U.S. Department of Health and Human Services
 

 Contact Info

 
Tel: 301-496-9893
Email: jmsayer@niddk.nih.gov
 

 Select Experience

 
  • Research ChemistLCP, NIDDK, NIH2007-present
  • Research ChemistLBC, NIDDK, NIH1985-2007
  • Special ExpertLBC, NIDDK, NIH1979-1985
  • Guest WorkerLBC, NIDDK, NIH1979-1983
  • Senior Research AssociateBrandeis University1969- 1974
  • NIH Postdoctoral FellowBrandeis University1967-1969
  • Ph.D.Yale University1967
 

 Related Links

 

    Jane M. Sayer, Ph.D.

    Research Chemist, Office of the Chief, Laboratory of Chemical Physics
    Specialties
    • Chemistry/Chemical Biology
    • Molecular Biology/Biochemistry
    Research Summary/In Plain Language

    Research Summary

    Research Goal

    The goal of my research is to gain a more complete understanding of the complex processes involved in spatiotemporal regulation of retroviral maturation and propagation.  This will help researchers identify novel strategies to target drug-resistant viral strains.​

    Current Research

    I am a member of the Protein Engineering and Chemistry Group within the Laboratory of Chemical Physics.  We apply kinetics, thermodynamics, and other biochemical and physicochemical approaches to elucidate enzymatic reaction mechanisms and protein-protein and protein-small molecule interactions.  We carry out ongoing studies on retroviral proteases (PR).  Specific interests include the mechanism and inhibition of retroviral PR maturation from its Gag-Pol polyprotein precursor.  Our findings may help to identify inhibitors that target the folding or transient dimerization of the PR precursor and to provide novel approaches to overcoming drug resistance.

    Prior to 2007, my research in the Section on Oxidation Mechanisms of the Laboratory of Bioorganic Chemistry focused on the organic chemistry and biochemistry of diol epoxides resulting from mammalian oxidative metabolism of carcinogenic polycyclic aromatic hydrocarbons (PAHs).  PAHs are widespread environmental pollutants.  Diol epoxides react with purine bases in DNA to form covalent adducts.  This results in erroneous DNA replication, a potential mechanism for initiation of cancer.  Our primary interests were in the reactivity and reaction mechanisms of the PAH diol epoxides.  We also studied the synthesis, purification, and spectroscopic characterization of modified oligonucleotides containing specific PAH adducts.  These studies were carried out in collaboration with biochemists, nuclear magnetic resonance spectroscopists, and crystallographers.  Our research examined the effects of these adducts on the replication of DNA by polymerases and on DNA processing by other enzymes, such as helicases and topoisomerases.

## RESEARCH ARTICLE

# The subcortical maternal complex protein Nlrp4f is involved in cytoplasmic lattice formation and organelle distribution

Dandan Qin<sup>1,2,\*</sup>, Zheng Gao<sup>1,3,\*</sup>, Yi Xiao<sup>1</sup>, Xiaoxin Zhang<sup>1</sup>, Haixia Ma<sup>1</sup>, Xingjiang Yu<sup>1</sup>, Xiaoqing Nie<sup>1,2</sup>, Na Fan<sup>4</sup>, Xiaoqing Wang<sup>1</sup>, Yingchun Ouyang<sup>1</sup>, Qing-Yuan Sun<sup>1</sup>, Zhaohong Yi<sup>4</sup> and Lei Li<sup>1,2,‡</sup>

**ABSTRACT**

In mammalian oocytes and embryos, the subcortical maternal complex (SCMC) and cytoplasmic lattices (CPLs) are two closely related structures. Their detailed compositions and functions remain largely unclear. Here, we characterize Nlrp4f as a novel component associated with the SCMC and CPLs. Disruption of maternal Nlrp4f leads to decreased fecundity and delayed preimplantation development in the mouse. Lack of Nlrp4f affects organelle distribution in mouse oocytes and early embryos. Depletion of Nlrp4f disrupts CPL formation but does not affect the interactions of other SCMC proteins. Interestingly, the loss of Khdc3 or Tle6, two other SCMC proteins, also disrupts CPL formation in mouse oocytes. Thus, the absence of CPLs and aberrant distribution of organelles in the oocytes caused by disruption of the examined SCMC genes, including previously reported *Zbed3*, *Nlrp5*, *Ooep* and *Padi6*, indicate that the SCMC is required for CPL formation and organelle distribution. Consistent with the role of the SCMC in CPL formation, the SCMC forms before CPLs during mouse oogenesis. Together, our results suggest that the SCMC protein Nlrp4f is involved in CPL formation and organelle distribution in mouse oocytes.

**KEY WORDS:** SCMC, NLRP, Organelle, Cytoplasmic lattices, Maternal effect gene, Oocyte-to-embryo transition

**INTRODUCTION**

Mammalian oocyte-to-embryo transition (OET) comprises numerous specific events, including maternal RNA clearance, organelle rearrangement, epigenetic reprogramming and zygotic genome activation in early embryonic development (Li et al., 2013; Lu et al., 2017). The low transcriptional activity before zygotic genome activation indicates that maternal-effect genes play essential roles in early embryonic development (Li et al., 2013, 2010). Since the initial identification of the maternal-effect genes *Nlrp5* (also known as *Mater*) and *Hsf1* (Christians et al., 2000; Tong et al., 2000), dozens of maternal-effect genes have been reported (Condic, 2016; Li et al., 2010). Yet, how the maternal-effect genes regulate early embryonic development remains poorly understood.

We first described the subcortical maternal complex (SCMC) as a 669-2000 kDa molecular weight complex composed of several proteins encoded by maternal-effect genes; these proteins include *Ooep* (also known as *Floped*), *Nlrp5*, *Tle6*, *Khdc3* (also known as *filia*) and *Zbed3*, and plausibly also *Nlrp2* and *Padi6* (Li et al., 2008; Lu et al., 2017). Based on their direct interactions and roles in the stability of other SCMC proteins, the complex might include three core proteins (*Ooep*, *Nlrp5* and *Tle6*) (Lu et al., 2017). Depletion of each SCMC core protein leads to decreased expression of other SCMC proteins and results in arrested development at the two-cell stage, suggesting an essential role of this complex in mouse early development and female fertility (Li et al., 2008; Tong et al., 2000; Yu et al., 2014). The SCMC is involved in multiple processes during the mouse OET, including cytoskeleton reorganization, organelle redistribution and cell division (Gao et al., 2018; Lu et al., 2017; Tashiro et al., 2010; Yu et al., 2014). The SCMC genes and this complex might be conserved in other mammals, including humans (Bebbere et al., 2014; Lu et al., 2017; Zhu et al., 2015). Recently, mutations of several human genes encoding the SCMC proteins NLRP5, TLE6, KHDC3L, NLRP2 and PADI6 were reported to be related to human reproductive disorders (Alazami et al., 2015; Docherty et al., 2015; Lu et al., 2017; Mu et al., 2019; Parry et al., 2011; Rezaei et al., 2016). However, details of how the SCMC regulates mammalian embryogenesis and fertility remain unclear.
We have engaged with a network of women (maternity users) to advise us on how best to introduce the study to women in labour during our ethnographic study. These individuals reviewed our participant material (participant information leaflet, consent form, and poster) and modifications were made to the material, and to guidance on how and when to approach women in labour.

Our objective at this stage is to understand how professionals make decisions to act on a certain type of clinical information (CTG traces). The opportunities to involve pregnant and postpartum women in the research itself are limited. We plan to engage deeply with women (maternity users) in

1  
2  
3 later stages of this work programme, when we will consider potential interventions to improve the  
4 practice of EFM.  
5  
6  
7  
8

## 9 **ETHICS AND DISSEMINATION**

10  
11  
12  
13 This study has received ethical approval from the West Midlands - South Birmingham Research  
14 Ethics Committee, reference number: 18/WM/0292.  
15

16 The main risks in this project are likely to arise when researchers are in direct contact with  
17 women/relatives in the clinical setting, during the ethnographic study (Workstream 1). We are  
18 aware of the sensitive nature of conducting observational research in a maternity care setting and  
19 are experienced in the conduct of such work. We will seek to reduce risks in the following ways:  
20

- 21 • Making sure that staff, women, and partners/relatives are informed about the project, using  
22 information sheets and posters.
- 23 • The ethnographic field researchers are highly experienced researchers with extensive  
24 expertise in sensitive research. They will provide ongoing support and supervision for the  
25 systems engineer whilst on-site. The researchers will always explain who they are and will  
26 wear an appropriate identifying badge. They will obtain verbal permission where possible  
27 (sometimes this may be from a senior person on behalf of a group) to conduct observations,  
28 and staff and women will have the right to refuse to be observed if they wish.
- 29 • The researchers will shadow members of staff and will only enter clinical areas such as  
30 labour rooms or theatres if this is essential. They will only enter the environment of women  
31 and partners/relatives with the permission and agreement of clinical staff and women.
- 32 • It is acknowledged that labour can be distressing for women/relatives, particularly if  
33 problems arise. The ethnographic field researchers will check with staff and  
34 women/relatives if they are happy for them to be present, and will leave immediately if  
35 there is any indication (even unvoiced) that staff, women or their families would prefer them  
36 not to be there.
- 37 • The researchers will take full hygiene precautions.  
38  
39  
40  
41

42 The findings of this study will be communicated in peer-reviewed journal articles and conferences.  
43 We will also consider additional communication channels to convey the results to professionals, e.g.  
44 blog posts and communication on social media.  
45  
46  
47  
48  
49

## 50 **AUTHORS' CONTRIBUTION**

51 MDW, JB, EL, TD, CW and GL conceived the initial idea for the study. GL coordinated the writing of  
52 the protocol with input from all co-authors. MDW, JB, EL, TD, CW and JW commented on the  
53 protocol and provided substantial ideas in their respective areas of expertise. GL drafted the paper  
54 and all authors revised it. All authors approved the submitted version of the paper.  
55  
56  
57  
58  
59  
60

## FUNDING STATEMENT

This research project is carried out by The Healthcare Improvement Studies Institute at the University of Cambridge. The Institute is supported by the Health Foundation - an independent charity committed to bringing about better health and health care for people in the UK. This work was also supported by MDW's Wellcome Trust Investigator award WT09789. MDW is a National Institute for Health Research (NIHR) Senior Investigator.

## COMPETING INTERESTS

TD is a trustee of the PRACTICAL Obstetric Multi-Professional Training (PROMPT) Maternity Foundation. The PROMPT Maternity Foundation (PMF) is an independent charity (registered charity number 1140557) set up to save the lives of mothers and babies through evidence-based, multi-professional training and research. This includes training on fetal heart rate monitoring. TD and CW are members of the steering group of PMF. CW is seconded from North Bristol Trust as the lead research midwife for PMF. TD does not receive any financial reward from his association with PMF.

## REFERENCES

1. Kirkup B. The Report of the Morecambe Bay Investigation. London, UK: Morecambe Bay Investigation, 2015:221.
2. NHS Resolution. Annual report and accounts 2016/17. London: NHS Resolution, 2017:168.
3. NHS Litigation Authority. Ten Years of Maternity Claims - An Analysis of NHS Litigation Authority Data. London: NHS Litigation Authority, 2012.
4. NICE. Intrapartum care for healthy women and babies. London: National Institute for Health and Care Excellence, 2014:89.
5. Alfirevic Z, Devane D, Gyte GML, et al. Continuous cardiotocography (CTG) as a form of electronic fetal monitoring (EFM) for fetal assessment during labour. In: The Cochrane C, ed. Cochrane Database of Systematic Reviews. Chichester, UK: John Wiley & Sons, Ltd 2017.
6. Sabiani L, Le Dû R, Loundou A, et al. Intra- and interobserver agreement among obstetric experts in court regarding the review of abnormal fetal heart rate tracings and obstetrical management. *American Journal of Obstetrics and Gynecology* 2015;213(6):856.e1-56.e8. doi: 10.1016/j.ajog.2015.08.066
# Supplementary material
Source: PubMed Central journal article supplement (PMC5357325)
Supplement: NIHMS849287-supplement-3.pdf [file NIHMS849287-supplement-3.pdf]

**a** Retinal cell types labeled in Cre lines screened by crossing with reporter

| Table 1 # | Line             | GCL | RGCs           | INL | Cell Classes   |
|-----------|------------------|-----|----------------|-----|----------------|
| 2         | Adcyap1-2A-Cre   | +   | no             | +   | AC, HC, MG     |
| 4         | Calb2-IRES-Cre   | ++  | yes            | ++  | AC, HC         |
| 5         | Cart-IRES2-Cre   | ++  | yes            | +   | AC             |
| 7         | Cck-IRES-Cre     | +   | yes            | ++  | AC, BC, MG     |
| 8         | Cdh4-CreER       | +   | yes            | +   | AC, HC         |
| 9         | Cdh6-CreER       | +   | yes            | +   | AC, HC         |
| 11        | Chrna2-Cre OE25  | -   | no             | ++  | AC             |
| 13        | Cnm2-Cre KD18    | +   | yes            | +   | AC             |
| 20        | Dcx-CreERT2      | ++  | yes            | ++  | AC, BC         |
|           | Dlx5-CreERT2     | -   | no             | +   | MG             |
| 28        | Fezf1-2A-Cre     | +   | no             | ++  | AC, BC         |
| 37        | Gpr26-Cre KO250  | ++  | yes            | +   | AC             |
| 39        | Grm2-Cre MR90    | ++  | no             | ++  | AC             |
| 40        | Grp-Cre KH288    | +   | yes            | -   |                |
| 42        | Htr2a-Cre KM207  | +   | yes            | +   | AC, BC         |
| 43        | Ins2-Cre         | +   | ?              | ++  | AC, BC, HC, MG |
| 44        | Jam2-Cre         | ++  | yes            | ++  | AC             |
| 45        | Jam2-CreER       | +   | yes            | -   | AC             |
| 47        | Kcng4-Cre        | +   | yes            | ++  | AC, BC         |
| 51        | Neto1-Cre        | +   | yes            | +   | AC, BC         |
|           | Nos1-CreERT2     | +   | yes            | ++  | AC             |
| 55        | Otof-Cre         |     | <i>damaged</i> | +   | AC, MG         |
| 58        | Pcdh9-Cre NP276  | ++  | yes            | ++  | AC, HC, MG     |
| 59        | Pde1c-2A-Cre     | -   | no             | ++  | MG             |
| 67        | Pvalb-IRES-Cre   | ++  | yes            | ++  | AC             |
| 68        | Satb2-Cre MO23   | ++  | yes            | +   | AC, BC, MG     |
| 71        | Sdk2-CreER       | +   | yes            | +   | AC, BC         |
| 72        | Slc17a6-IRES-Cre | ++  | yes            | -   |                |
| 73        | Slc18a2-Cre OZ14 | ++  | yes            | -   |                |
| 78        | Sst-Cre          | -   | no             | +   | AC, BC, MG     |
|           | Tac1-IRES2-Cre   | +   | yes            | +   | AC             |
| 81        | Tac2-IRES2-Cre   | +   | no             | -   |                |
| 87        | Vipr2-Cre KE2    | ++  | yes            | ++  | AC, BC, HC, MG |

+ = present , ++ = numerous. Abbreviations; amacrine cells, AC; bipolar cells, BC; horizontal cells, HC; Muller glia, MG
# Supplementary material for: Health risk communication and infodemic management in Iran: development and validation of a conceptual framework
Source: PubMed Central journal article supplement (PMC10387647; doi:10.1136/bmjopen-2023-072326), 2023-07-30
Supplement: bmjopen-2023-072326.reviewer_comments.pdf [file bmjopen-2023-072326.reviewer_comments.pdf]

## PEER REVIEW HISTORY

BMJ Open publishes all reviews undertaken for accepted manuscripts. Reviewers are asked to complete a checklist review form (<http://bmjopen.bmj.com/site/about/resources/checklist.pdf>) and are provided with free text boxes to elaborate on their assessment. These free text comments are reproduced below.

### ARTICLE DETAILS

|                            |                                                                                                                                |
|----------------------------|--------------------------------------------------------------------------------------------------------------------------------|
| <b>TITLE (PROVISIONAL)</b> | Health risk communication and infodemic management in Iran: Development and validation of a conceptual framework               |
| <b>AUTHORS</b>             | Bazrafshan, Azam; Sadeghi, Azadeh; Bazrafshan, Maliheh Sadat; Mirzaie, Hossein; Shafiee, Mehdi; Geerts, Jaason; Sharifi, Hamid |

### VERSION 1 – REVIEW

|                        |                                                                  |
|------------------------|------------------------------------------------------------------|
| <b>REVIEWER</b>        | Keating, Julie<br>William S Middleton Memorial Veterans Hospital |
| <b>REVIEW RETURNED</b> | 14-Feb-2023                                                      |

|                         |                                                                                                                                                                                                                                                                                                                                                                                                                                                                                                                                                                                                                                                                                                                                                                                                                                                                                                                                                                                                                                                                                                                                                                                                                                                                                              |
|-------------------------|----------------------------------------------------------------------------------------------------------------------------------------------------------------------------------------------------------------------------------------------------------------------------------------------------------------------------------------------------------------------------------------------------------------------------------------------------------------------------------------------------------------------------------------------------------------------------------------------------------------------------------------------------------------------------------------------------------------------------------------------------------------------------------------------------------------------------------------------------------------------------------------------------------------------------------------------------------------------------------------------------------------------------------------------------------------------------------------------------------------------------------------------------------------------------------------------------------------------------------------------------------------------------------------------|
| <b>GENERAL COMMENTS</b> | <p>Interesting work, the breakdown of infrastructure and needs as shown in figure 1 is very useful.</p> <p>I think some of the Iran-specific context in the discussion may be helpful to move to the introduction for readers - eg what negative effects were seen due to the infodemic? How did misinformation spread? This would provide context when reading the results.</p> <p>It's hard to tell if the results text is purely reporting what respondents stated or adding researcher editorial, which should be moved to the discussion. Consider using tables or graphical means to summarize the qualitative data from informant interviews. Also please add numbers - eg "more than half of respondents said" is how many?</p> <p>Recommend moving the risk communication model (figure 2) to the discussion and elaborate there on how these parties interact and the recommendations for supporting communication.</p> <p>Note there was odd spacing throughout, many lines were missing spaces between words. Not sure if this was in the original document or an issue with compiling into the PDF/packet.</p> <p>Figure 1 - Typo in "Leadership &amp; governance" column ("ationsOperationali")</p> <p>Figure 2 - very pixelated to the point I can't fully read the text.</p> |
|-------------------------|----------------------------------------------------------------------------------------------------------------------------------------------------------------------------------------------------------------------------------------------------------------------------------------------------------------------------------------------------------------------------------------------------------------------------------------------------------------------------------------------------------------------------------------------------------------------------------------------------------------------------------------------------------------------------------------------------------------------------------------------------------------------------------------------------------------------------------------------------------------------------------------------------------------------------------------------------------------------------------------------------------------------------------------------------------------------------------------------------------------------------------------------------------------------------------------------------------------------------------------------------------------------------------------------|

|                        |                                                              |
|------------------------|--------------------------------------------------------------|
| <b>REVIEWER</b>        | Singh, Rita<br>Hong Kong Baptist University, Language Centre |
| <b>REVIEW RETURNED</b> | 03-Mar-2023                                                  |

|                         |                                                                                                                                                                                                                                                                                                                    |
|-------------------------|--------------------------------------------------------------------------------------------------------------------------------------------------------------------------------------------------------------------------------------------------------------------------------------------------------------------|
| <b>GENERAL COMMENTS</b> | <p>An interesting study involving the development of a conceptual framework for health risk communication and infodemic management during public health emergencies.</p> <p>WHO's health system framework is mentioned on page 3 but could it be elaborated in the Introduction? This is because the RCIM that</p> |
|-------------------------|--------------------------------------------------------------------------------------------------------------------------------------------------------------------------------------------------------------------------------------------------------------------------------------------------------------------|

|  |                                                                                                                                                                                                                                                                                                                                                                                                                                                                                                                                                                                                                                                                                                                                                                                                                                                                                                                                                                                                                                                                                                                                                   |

Applying our Research

    The long-term survival of HIV-positive patients, which has been made possible because of successful ongoing drug therapy, may be jeopardized by the selection of resistant mutants under drug pressure.  Gaining a detailed understanding of the mechanisms of retroviral maturation will provide insights that researchers can use to develop new approaches to circumvent drug resistance and prolong lives.

    Need for Further Study

    Early events in retroviral maturation need to be better understood on a molecular level through the use of advanced biochemical and biophysical techniques.